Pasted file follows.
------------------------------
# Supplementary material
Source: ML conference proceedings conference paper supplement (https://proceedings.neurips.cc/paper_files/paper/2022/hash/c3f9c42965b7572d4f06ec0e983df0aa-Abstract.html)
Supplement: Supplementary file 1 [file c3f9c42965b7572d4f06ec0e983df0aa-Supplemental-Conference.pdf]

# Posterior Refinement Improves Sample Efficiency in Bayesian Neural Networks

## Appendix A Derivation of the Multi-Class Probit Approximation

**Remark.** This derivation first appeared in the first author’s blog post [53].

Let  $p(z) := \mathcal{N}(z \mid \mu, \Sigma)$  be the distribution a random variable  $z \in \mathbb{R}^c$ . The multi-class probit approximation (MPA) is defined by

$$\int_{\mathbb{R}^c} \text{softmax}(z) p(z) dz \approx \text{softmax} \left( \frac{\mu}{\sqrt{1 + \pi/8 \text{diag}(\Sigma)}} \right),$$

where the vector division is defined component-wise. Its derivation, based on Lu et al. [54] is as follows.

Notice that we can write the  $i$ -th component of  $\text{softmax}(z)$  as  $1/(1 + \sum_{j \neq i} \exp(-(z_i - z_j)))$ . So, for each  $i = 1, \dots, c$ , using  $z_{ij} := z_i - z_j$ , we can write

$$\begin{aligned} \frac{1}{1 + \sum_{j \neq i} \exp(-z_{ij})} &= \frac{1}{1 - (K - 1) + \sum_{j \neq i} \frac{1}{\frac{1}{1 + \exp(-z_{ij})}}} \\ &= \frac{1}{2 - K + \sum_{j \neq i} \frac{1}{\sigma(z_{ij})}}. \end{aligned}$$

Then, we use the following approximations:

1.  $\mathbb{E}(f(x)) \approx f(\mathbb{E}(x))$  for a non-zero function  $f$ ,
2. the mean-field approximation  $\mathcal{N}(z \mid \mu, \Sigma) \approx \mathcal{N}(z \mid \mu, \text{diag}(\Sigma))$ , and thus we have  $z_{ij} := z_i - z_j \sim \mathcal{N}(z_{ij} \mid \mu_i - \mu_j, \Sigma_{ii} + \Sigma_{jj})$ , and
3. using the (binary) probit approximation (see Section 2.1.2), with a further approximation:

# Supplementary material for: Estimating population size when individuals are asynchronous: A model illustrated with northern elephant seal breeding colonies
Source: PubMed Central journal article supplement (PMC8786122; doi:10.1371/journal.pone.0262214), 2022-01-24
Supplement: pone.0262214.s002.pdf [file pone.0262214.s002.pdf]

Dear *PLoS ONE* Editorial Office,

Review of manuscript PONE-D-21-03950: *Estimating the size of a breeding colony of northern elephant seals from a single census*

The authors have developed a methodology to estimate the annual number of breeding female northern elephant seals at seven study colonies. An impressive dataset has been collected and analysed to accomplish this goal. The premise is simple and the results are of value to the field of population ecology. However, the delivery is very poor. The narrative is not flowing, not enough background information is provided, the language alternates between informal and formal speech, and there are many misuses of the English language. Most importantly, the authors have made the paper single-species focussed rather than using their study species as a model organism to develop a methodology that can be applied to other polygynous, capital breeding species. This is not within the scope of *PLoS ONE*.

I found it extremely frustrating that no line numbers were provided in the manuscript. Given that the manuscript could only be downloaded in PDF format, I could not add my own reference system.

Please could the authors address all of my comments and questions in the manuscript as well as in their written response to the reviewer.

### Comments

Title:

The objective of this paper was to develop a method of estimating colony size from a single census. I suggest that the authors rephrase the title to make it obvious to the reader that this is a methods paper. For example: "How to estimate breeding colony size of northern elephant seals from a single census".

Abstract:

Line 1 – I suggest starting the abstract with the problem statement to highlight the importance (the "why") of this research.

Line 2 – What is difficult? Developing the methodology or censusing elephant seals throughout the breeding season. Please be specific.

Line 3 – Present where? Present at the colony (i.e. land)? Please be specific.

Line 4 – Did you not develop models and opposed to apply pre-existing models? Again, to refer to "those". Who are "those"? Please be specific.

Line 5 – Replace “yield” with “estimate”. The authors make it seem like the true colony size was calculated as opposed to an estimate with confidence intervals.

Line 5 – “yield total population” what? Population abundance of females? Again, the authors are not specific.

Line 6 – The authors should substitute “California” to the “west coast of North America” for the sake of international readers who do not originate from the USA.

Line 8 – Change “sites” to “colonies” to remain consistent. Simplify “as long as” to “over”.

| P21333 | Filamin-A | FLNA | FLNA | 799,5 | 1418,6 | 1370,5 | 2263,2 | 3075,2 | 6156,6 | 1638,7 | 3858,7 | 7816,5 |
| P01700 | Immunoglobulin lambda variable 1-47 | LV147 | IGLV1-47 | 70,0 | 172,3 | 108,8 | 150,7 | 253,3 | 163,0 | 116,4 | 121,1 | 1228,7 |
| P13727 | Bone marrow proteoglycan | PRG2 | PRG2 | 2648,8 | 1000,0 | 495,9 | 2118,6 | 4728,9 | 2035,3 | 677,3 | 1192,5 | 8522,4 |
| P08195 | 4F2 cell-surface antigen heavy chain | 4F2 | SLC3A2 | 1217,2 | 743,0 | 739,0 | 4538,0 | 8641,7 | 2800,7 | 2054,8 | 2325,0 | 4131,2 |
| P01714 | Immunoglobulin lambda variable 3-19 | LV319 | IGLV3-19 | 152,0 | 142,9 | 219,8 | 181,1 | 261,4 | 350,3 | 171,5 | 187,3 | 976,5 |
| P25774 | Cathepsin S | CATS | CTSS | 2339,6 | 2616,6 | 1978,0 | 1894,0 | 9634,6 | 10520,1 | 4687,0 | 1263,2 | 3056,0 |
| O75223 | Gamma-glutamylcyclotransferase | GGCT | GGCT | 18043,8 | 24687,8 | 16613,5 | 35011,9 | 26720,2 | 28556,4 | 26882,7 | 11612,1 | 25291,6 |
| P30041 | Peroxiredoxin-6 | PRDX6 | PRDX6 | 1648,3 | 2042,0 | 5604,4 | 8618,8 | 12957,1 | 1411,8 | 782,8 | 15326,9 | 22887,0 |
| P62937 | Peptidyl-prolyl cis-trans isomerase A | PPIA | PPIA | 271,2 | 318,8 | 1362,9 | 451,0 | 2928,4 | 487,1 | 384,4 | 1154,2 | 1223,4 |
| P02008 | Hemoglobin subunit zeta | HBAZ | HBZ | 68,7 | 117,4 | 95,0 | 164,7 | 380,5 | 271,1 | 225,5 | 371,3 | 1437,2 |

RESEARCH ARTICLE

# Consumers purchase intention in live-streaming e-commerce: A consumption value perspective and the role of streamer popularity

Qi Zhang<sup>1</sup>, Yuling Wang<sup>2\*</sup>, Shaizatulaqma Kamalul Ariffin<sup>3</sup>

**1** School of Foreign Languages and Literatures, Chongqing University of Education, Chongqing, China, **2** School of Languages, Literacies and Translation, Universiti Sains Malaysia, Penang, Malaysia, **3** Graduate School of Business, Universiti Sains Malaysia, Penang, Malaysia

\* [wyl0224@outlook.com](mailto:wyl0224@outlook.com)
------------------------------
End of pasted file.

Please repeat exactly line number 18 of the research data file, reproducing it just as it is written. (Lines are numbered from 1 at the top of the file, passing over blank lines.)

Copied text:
Supplement: pone.0262214.s002.pdf [file pone.0262214.s002.pdf]